As Davey and his fellow housemate Priss try to uncover the secrets of the house’s inhabitants, both past and present, it becomes clear that the five strangers have all been drawn there by the events and the music of that long-ago summer.

What did I think?:

First of all I’d like to thank NetGalley and Legend Press for allowing me to read a copy of this intriguing debut novel. I have to admit I was initially drawn to this book by the simple yet absolutely beautiful and very effective cover art and a synopsis which sounded anything but dull. Unfortunately I appear to be in the minority group of readers that didn’t enjoy it as much as I thought I was going to. It starts brilliantly enough, when a runaway called Davey is saved from the streets by Tom and Kate who along with sixteen year old Priss are living in a beautiful old house. At first, Davey assumes the same as the reader, that is that Tom and Kate are the owners of the house but it turns out that not only are they not a couple but they are all squatting in a house abandoned in mysterious circumstances.

As the story continues, we learn a lot more about the houses’ previous inhabitants, in particular those of thirty years ago where a rock star called Jack Laker, burnt out at the height of his fame is planning an almighty come-back. His back story sees him neglecting one girl who saves his life and falling head over heels in love with another girl called Matilda (who appears to have a few secrets of her own) and looking after a black panther who he keeps caged in the garden. Yes, I know. It’s a bit strange. However, Jack cannot maintain a rock star lifestyle without there being consequences and with the arrival of the mute and mysterious artist Isaac, emotions become heightened, dangerous and overwhelming with drastic results for those involved.

The story flips between the past (Jack’s story) and the story of the inhabitants at the present time. Even the house becomes a character in its own right – oh the things it must have witnesssed! They all have their own back story, some traumatic, some practically unbelievable. Not everyone is what they seem. And of course there is a link between the two stories which adds a nice little twist to the proceedings. I had already guessed it which was a bit of a shame as I like to be surprised (or proved wrong!) but I enjoyed the way the author pulled the two strands together. In general, I did like this book and as a debut it’s incredibly promising but for some reason I didn’t really connect with any of the characters so never felt fully invested in the story. There is some great writing here though and huge potential for the future so I look forward to reading more from Cassandra Parkin.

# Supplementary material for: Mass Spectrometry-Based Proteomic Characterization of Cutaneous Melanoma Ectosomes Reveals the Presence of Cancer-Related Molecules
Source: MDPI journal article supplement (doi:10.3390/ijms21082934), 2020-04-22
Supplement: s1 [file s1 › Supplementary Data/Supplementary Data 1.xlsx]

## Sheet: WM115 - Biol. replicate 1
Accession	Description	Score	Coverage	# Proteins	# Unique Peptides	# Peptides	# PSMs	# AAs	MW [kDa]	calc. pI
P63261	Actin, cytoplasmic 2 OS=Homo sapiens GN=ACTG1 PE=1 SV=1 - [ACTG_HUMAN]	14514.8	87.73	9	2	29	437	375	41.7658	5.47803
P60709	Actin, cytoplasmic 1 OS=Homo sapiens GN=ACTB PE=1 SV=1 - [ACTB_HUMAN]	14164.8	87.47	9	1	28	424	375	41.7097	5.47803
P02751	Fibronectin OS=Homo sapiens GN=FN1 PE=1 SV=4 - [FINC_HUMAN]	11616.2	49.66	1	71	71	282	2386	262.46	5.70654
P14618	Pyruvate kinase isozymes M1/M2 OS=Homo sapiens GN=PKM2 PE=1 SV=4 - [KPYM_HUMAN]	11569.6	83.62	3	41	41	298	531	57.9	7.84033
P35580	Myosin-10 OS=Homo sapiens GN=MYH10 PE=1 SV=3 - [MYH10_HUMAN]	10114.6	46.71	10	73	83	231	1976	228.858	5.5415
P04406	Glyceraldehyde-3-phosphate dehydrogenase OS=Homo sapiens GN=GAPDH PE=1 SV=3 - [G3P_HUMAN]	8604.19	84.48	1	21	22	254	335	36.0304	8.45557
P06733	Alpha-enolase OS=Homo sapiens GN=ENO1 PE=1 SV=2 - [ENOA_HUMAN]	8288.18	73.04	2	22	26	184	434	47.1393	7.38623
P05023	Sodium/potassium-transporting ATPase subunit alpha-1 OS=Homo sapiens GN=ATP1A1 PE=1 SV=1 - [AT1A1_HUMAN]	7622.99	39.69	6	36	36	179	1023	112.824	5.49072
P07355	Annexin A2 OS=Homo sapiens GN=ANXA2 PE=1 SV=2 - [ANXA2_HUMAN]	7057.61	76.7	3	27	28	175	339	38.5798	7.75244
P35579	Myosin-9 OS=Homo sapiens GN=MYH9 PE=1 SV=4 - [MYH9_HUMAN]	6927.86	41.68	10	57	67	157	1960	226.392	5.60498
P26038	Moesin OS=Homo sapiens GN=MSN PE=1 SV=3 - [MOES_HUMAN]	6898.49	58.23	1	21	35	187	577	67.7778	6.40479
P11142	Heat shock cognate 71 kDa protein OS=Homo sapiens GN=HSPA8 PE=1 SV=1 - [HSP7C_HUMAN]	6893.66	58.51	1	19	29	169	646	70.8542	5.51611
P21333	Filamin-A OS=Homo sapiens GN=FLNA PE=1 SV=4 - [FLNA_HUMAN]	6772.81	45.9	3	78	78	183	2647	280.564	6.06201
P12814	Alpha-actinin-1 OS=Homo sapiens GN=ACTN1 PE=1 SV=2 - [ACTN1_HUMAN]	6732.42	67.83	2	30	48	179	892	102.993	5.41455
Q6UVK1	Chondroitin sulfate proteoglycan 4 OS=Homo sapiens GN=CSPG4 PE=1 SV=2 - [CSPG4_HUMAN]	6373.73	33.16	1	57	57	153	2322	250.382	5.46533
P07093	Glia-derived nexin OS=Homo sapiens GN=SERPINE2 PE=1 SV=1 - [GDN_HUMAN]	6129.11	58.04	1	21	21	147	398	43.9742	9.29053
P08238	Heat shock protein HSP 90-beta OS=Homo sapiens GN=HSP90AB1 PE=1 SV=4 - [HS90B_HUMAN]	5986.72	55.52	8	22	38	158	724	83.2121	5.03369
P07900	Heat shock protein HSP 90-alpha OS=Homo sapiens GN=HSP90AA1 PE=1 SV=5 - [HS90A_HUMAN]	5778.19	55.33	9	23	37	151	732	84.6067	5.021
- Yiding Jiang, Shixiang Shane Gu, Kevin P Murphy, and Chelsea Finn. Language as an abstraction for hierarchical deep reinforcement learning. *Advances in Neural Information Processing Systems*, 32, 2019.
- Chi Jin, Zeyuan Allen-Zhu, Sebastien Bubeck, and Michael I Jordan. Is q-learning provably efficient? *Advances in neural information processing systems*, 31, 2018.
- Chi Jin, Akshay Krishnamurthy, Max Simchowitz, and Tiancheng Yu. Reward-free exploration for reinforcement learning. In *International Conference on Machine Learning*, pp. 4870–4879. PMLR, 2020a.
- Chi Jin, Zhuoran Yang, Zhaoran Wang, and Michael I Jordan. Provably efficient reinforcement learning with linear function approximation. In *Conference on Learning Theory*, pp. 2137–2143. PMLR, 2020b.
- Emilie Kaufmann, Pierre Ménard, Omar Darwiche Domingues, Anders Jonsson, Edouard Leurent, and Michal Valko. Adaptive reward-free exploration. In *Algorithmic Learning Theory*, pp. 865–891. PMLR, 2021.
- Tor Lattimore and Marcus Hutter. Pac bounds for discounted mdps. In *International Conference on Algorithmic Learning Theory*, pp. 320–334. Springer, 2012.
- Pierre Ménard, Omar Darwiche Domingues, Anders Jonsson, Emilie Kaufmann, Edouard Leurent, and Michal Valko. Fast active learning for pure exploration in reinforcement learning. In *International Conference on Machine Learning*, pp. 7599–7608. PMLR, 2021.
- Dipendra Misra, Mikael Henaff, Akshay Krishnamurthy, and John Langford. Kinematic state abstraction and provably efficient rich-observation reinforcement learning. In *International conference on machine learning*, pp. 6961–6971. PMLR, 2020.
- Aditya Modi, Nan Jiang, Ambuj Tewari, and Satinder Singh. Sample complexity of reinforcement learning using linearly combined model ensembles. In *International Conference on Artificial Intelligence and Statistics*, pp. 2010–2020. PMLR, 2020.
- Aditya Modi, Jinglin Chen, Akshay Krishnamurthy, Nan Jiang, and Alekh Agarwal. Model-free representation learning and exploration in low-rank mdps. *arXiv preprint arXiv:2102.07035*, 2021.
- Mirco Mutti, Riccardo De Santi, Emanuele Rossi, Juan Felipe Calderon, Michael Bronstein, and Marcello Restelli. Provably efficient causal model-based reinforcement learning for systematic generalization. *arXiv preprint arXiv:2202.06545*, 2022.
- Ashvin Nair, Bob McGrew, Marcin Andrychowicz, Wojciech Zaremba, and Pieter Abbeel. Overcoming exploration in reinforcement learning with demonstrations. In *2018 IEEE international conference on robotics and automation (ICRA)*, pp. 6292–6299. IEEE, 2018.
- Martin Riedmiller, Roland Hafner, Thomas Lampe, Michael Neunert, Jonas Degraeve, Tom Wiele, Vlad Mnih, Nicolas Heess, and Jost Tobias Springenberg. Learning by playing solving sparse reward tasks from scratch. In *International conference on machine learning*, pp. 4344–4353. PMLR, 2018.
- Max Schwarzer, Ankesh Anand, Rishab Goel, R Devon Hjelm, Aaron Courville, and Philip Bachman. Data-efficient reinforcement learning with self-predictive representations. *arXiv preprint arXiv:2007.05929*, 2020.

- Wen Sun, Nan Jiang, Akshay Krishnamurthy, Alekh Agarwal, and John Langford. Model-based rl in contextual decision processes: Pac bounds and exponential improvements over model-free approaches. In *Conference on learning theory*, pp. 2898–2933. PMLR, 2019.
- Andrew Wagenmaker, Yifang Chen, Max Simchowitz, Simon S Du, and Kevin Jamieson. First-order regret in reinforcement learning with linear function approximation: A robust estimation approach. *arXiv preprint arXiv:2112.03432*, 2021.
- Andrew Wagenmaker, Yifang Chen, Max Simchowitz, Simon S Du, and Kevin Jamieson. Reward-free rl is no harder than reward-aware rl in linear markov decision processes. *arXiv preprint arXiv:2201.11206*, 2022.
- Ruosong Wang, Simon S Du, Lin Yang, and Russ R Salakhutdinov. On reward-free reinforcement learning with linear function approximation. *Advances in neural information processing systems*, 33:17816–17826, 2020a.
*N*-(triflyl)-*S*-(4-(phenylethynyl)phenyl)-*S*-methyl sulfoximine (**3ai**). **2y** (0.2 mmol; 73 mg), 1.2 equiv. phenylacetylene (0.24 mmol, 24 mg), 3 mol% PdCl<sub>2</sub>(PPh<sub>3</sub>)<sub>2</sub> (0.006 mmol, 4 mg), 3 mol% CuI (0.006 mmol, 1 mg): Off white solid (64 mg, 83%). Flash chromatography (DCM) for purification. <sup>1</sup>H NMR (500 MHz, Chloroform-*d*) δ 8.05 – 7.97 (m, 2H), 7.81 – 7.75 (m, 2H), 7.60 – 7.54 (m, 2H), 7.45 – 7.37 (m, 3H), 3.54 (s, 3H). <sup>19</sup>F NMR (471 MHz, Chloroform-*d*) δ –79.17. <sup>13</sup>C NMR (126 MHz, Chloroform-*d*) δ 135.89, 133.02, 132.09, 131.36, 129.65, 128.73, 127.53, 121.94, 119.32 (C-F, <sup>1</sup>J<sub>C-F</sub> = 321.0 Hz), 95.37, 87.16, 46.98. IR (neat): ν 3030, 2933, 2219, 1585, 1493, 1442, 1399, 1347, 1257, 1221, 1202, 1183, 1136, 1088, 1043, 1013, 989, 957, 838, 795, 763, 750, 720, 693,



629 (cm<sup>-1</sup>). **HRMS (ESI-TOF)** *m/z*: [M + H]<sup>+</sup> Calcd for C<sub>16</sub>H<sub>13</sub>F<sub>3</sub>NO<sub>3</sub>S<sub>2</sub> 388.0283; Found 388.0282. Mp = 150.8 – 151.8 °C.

Would I recommend it?:

Not sure.

Star rating (out of 5):

3 Star Rating Clip Art


Short Stories Challenge – Martin Misunderstood by Karin Slaughter (stand-alone)

Published May 3, 2015 by bibliobeth


What’s it all about?:

A darkly comic tale about Mr Less-Than-Average in an average world from the No. 1 Bestseller.

Crime fiction obsessive Martin Reed is the proverbial butt of everyone’s jokes. Working as a glorified accountant at Southern Toilet Supply and still living with his cantankerous mother, he has become resigned to the world in which he lives – the school bullies now pick on him in the workplace, women still spurn him and his arch enemy is now his supervisor.

But then he arrives at work one morning to find the police on site. A co-worker has been brutally murdered and her body abandoned in a ditch. And the overwhelming evidence points to Martin – especially when he can’t or won’t admit that he has an alibi.

When a second victim is found in the company bathroom, things really conspire against Martin. The one bright star on his otherwise bleak horizon is the beautiful and sympathetic Detective Anther Albada, but even she’s beginning to have her doubts about his innocence. Could Martin be guilty? Or is he just misunderstood?

What did I think?:

I love that Karin Slaughter puts out short stories/novellas as well as her hugely popular Grant County series featuring the fantastic character of Will Trent (one of my most loved agents in fiction). Martin Misunderstood is more of a novella, weighing in at 147 pages in my own paperback format. When reading it however, it felt like much less and I whizzed through it very quickly. Our main character is Martin Reed who I am sorry to say is one of life’s losers. He is single, works for a company that sells toilet supplies, remains in the same town that he grew up in where the bullies of his schooldays continue to haunt him (and work with him in some cases) and still lives with his mother who makes it her mission to taunt him on a daily basis and who is desperate for him to be gay just so he would be a bit more interesting. To make things even worse, someone has keyed the work “twat,” on his car and looks to have damaged the bumper. Lovely!